A viscosity index below 100 is considered low, while a VI higher than 200 is considered very high. High performing suspension oils sometimes have Vis in the range 300-400. Mineral oils have VIs below 100, PAO synthetic oils around 150, while high-oleic canola oil has a VI of 220. This consideration for VI is important and can be confusing when, for example, buying two oils of the same viscosity classification.  Oils are classified in families of viscosity. Most of the time, this viscosity is reported as the oils’ “weight”.  In my view, this is a very poor classification scheme. For example, in the trade, a 10wt oil can have viscosities between 25cSt and 45cSt at 40oC (standard temperature), but obviously, a 25cSt vs a 45cSt oil will have very different base properties and performance. The unit cSt refers to the kinematic viscosity (dynamic viscosity/density in units of cm2/s). See the example in the table below. 

Comparison of viscosity characteristics as a function of temperature between a mineral oil (A) and a PAO based synthetic oil (B). Source:

Notice that Oil A, a mineral oil, and oil B, a synthetic PAO oil, have the same viscosity at 40oC, and would therefore be sold as the same oil. Notice, though the massive increase in viscosity for the mineral oil at -20oC, and the larger decrease in viscosity at 100oC. These are two characteristics best avoided in a lubricating oil. The more constant viscosity-temperature profile of the synthetic oil is more desirable.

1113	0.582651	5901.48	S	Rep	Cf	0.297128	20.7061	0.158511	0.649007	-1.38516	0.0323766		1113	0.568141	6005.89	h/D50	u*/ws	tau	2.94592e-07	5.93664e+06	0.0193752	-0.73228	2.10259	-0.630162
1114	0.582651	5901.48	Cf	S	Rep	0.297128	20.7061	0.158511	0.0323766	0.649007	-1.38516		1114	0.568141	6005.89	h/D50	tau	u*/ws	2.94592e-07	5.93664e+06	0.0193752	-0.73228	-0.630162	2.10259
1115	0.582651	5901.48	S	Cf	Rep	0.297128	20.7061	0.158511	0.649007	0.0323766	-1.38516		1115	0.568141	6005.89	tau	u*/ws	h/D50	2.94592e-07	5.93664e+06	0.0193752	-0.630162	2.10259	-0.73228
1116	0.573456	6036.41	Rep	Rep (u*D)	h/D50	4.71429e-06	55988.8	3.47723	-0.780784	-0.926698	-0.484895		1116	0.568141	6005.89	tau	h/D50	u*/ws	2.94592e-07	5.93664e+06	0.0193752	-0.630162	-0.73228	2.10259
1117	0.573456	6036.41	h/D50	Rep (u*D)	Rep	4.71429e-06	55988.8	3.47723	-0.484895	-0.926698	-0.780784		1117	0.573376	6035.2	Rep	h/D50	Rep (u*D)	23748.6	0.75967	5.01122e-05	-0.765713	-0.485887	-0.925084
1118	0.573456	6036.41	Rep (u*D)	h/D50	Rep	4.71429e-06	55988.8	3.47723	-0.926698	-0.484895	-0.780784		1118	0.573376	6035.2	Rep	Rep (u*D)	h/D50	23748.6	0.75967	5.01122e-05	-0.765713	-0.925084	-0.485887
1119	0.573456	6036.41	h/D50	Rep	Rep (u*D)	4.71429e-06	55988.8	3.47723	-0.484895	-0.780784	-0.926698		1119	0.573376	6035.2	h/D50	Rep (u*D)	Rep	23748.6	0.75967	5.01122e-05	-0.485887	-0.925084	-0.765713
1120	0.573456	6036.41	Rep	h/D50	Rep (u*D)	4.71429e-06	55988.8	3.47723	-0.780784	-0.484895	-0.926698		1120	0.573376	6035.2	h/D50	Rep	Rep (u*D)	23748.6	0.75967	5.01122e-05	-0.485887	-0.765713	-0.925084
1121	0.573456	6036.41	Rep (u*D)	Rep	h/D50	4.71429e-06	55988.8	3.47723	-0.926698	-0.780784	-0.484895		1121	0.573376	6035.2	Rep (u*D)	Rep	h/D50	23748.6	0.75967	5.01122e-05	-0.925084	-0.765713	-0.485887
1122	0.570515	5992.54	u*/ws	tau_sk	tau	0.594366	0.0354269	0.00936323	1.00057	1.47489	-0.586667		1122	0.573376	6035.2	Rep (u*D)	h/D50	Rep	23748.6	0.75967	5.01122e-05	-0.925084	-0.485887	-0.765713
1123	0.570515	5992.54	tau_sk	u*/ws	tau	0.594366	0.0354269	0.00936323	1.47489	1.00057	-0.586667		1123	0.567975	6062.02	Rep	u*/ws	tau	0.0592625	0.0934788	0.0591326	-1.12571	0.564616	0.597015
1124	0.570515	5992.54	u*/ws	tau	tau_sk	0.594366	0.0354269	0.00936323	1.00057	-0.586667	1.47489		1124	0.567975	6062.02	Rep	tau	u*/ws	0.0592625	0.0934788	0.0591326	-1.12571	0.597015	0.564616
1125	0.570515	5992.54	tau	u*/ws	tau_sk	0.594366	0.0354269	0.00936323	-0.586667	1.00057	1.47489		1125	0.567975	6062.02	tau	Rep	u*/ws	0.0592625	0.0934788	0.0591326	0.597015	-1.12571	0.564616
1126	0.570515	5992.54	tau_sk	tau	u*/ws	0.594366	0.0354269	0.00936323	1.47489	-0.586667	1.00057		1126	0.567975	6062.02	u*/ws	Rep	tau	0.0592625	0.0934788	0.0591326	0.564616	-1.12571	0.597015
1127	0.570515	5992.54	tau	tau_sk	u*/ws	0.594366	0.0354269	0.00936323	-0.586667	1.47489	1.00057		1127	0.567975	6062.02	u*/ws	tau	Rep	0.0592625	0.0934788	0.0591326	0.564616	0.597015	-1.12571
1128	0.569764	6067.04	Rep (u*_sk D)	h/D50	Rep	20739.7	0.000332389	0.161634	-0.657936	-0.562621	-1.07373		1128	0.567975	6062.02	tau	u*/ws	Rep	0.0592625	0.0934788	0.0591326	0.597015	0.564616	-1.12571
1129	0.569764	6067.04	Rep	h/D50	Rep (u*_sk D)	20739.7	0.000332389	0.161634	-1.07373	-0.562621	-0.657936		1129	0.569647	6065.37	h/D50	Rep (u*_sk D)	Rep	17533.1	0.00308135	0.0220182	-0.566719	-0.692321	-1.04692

Vegetable oils, being an ester, have higher Vis than either mineral oil or synthetic oils. However, increases in viscosity at lower temperatures are somewhat problematic, with the added issue of possible crystallisation. Low temperature stability is measured by the cloud point of the oil, which is less than -40oC for cold-weather oils. Most vegetable oils such as canola or soybean oils have cloud points between -10oC and -20oC, which is not considered truly low-temperature performance. It is possible to create vegetable oils with very low pour points by randomising the oil using short chain or hydroxylated fatty acids, which interfere with crystal formation (nucleation inhibitor).